The Pentagon has awarded Northrop Grumman Corp. seven smaller contracts as part of the larger counterdrug contract, but details are classified. Northrop spokesman Randy Belote said the company is making greater inroads into that line of business as such efforts become more high-tech. “It’s moving more into the electronic surveillance, intelligence and reconnaissance realm, so it’s perfectly aligned with our business,” he said.
Why are we outsourcing electronic surveillance to the Northrop Grummans of the world? Why are we spending $15,000,000,000 with minimal oversight on drug wars in third world countries? Doesn’t seem like a good use of limited tax resources.
Digg-enabled link to full article for non-WSJ subscribers via this link. [↩]
The White House, on its way out to the dustbin of history,1 wants to gut the Clean Air Act before the end of the year. Lovely.
WASHINGTON — The White House is trying to prevent the Environmental Protection Agency from publishing a document that could become the legal roadmap for regulating greenhouse-gas emissions in the U.S., said people close to the matter.
The fight over the document is the latest development in a long-running conflict between the EPA and the White House over climate-change policy. It will likely intensify ongoing Congressional investigations into the Bush administration’s involvement in the agency’s policymaking.
The draft document, which has been viewed by The Wall Street Journal, outlines how the government, under the Clean Air Act, could regulate greenhouse-gas emissions from mobile sources such as cars, trucks, trains, planes and boats, and from stationary sources such as power stations, chemical plants and refineries. The document is based on a multimillion-dollar study conducted over two years.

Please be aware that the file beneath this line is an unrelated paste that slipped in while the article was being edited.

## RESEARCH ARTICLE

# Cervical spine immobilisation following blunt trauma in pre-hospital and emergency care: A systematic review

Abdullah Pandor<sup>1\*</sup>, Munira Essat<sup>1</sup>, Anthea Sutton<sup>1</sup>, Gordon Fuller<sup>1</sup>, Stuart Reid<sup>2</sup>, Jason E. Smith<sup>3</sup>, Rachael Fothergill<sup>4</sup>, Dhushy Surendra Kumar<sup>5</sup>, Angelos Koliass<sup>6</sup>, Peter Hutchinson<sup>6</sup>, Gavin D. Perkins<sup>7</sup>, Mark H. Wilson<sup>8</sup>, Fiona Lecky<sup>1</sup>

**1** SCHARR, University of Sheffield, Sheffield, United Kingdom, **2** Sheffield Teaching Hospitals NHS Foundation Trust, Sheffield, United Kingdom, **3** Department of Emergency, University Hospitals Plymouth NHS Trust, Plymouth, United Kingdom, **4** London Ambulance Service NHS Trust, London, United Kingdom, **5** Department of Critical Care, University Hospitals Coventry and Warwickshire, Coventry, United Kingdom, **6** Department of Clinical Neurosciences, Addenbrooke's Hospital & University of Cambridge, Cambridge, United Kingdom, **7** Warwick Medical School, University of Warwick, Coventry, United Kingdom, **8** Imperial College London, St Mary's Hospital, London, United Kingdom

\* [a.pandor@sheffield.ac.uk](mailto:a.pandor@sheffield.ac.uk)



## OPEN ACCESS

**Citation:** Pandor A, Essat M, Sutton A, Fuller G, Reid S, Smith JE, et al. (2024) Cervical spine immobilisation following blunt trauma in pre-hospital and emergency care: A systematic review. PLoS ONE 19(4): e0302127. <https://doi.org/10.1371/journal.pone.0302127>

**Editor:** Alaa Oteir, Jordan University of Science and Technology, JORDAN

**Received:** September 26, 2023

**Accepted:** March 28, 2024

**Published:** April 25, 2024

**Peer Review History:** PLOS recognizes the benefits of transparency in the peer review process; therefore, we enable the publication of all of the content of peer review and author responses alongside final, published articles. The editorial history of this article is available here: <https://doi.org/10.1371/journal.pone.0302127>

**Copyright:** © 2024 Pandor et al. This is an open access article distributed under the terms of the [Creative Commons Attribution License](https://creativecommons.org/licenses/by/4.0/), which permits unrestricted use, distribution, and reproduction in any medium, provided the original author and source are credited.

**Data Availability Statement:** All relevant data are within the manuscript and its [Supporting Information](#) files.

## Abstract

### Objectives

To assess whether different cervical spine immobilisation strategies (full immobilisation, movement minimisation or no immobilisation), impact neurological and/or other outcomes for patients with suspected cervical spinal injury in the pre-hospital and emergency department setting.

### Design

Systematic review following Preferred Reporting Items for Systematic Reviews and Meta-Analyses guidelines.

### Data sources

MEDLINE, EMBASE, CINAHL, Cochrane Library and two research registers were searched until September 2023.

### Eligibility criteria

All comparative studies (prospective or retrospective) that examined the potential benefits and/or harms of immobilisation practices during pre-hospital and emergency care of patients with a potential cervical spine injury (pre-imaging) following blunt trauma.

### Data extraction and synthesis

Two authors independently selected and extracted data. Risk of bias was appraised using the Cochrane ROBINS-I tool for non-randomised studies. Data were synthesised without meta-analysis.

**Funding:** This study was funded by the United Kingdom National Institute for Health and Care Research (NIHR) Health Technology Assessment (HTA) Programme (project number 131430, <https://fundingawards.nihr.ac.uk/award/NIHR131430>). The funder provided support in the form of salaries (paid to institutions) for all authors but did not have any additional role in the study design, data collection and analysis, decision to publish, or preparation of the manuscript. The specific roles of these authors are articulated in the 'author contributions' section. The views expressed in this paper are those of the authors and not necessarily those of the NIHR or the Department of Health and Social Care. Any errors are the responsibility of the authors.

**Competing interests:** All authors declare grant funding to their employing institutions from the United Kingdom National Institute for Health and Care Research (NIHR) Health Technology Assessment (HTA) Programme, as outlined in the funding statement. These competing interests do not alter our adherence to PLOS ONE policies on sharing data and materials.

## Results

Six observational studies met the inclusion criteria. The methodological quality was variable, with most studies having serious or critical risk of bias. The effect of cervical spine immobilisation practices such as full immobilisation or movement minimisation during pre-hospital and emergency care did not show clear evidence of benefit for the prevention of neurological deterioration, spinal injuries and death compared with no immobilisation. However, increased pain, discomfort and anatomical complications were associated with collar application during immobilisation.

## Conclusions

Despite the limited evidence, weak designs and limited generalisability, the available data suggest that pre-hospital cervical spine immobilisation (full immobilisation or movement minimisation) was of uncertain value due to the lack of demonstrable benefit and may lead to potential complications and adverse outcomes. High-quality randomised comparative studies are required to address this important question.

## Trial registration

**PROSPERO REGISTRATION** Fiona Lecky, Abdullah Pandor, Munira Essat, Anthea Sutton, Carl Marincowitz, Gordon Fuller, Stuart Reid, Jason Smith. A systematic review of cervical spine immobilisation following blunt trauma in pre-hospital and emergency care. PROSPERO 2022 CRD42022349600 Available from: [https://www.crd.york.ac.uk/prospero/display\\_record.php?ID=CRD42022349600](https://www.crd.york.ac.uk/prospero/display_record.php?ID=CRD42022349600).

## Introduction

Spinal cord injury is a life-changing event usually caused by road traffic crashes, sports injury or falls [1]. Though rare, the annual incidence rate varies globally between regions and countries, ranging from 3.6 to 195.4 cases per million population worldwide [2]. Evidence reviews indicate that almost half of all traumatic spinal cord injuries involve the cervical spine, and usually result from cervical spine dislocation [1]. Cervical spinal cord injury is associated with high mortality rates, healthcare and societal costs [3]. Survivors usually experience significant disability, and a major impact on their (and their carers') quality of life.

The White House’s Office of Management and Budget has asked the EPA to delete sections of the document that say such emissions endanger public welfare, say how those gases could be regulated, and show an analysis of the cost of regulating greenhouse gases in the U.S. and other countries.
Non WSJ subscribers use this Digg-enabled link to full article which includes some colorful charts.
Cheney wants to ensure his oil buddies won’t have to alter any of their polluting practices until after the Rapture:
“Clearly [White House officials] don’t want to leave behind a blueprint that suggests that the Clean Air Act could offer a potential pathway in a cost-effective way to reduce greenhouse-gas emissions,” said one of the people close to the matter who supports the EPA document’s analysis. “Leaving a blueprint behind could leave the next administration a document they could work from, and that’s not in their interest,” the person said.
If the agency establishes a policy direction in this phase of the rule-making but later changes direction in the proposed rule, it could create opportunities for legal challenges under the Administrative Procedures Act, said Peter Robertson, a former deputy administrator at the EPA and a partner at the Pillsbury law firm specializing in environmental public policy.
“There wouldn’t be a reason for OMB to monkey with this document if it weren’t going to be an important step in the process now and later on,” Mr. Robertson said.